Lisa Spinelli (Maggie Gyllenhaal) teaches children at a kindergarten, hoping to shape young minds for a brighter future, but one mind in particular has begun to intrigue her. She always wanted to be a writer, even a great writer, and is attending evening classes in poetry for her further education she feels she didn't get enough of while she was younger, but what if she discovered a real talent in her class? Not her night class, her kindergarten class? This appears to be the case when she finds a poem penned by a little boy called Jimmy (Parker Sevak) and is impressed by its quality, wanting to encourage him to write more. Yet is she pursuing this for his benefit or her own?
This was based on an Israeli film from four years before, but director and re-writer Sara Colangelo put her own spin on it by presenting her insight into her protagonist's mothering instincts which prove to be her downfall. In Gyllenhaal she had a real bonus, for she was an actress who could play both warm and welcoming when called for, yet also downright creepy should the role require it, always grounded in a reality that would rarely have you questioning her choices. In this she had to essay both and did it so well that she tended to overshadow everyone else in the film, to the extent of drowning out even accomplished performers like Gael García Bernal, who played her tutor.
In other hands this could have been a quirky comedy of embarrassment as Lisa gets in over her head during her pursuit of the intellectual, but the fact that these poems Jimmy conjures up could have contained a simple artistry, yet could in addition been the burblings of a child who has no real grasp of what he is saying, created an off-kilter mood that made the viewer uneasy. You had to adjust to the film's careful pace first, as this was not the "Teacher from Hell" horror that it would likely have been tooled into had it been made in the nineteen-nineties, despite the plot sharing many of those sorts of paranoia, but rest assured, Lisa did not resort to killing anyone to get her twisted way.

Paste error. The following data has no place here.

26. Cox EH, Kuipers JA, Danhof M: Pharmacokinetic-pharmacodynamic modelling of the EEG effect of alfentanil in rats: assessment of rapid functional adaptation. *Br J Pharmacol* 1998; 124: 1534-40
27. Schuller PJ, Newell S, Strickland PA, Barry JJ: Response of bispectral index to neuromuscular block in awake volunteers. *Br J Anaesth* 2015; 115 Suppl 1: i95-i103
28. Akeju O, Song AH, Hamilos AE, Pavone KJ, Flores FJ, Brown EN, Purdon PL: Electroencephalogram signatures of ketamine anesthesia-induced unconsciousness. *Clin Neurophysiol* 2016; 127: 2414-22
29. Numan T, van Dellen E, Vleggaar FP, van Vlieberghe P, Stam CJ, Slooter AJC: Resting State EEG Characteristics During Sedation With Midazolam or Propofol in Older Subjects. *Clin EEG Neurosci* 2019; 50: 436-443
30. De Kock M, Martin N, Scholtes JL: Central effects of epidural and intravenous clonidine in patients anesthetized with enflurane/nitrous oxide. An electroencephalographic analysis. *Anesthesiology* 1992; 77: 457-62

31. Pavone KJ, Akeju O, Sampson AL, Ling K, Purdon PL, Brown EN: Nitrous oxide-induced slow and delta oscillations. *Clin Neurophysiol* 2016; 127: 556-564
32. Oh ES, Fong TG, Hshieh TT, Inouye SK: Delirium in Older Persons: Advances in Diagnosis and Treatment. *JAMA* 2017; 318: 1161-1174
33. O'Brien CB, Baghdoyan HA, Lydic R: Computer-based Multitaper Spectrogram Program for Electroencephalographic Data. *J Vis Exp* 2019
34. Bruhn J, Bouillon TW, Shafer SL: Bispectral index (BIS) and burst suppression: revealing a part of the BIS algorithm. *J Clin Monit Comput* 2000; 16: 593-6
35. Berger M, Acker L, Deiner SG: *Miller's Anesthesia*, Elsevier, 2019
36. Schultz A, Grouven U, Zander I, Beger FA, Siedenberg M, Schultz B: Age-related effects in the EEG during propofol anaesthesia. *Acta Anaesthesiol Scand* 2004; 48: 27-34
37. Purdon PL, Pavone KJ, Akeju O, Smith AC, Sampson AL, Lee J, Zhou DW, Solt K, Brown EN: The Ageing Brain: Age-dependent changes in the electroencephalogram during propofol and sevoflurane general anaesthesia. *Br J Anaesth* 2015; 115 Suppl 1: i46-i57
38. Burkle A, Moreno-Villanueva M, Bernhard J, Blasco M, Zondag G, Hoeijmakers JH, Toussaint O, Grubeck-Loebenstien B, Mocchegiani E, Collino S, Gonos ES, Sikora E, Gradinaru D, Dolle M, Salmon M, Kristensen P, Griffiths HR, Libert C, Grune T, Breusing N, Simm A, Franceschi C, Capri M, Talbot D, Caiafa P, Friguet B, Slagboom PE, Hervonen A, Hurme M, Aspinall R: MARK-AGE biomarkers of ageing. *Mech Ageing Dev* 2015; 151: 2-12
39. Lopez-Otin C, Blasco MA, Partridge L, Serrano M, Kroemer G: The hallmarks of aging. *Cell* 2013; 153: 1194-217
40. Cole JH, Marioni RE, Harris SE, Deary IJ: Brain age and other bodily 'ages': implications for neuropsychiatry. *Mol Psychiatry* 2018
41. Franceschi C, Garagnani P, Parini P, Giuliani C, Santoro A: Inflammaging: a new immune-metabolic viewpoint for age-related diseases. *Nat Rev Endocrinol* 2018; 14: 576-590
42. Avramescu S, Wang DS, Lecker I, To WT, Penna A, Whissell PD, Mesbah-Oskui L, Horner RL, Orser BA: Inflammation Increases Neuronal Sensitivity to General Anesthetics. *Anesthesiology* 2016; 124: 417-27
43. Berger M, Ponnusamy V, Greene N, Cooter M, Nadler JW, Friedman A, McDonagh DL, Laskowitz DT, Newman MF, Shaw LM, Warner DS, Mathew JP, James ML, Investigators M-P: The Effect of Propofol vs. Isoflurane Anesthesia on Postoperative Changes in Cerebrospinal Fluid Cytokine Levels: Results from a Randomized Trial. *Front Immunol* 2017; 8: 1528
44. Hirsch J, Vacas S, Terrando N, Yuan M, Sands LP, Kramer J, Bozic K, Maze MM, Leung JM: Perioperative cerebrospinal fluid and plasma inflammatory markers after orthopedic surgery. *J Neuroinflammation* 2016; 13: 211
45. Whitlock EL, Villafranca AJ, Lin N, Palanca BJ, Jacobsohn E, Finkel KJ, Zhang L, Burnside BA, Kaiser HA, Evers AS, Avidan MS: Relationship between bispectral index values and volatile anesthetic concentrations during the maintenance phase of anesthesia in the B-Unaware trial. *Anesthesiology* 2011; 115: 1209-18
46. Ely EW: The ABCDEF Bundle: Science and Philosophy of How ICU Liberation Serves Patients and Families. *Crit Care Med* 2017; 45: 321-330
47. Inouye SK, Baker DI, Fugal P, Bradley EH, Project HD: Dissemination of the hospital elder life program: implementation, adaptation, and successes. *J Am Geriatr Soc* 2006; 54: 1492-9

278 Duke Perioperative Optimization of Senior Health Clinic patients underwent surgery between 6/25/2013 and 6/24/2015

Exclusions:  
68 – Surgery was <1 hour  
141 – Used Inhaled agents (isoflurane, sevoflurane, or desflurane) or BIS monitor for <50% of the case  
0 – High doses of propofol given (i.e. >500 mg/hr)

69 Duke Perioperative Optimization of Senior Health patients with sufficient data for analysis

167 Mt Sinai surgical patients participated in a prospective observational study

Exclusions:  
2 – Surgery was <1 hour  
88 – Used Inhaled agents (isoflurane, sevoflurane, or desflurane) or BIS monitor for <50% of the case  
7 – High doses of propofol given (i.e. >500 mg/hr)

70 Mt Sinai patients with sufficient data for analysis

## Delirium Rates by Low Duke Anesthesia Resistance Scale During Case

The thing was, her intentions were not completely reprehensible. Her own teenage children are doing well in their schooling, but have no intellectual "curiosity" as she continually puts it, they would not read a volume of poetry in a million years, and appear to have a disdain for anything but the most superficial pastimes, for them learning is simply a method of getting good grades which will come in useful later on, but no more than that. In fact, Lisa's son wants to join the Army, which is the ultimate horror for her. Therefore a sense that the barbarians are at the gates was palpable throughout the story, but the equal feeling that there is nothing you can constructively do to halt them in their anti-intellectual progress was also a pressing concern, leading the teacher to desperation.
What do you do when even your kids are part of the problem, is something Lisa is coming around to fret over, but her solution, to encourage Jimmy, is not exactly a useful one when it encourages Lisa herself into a crusade, an obsession. That we are largely in the dark over whether her perception of the little boy stems from her suppressed panic or whether he really is someone with an ability to he nurtured and protected was the cause of increasing tension, and while you may sympathise with Lisa and her worries for the world, it could be frustrating that the film offered no reassurance to her or to the audience. Therefore a note of snobbery could be detected, sort of moving towards "Oh, if you like this film you can see the problem, not like those ignorant slobs who want car chases in their movies," but that these kinds of films were able to find their audience surely indicated the battle for the minds of the world was not lost yet. For all those reservations, there was abundant food for thought here, which was as it should be. Music by Asher Goldschmidt.
[Thunderbird's Blu-ray has a near-hour-long interview with Gyllenhaal as an extra.]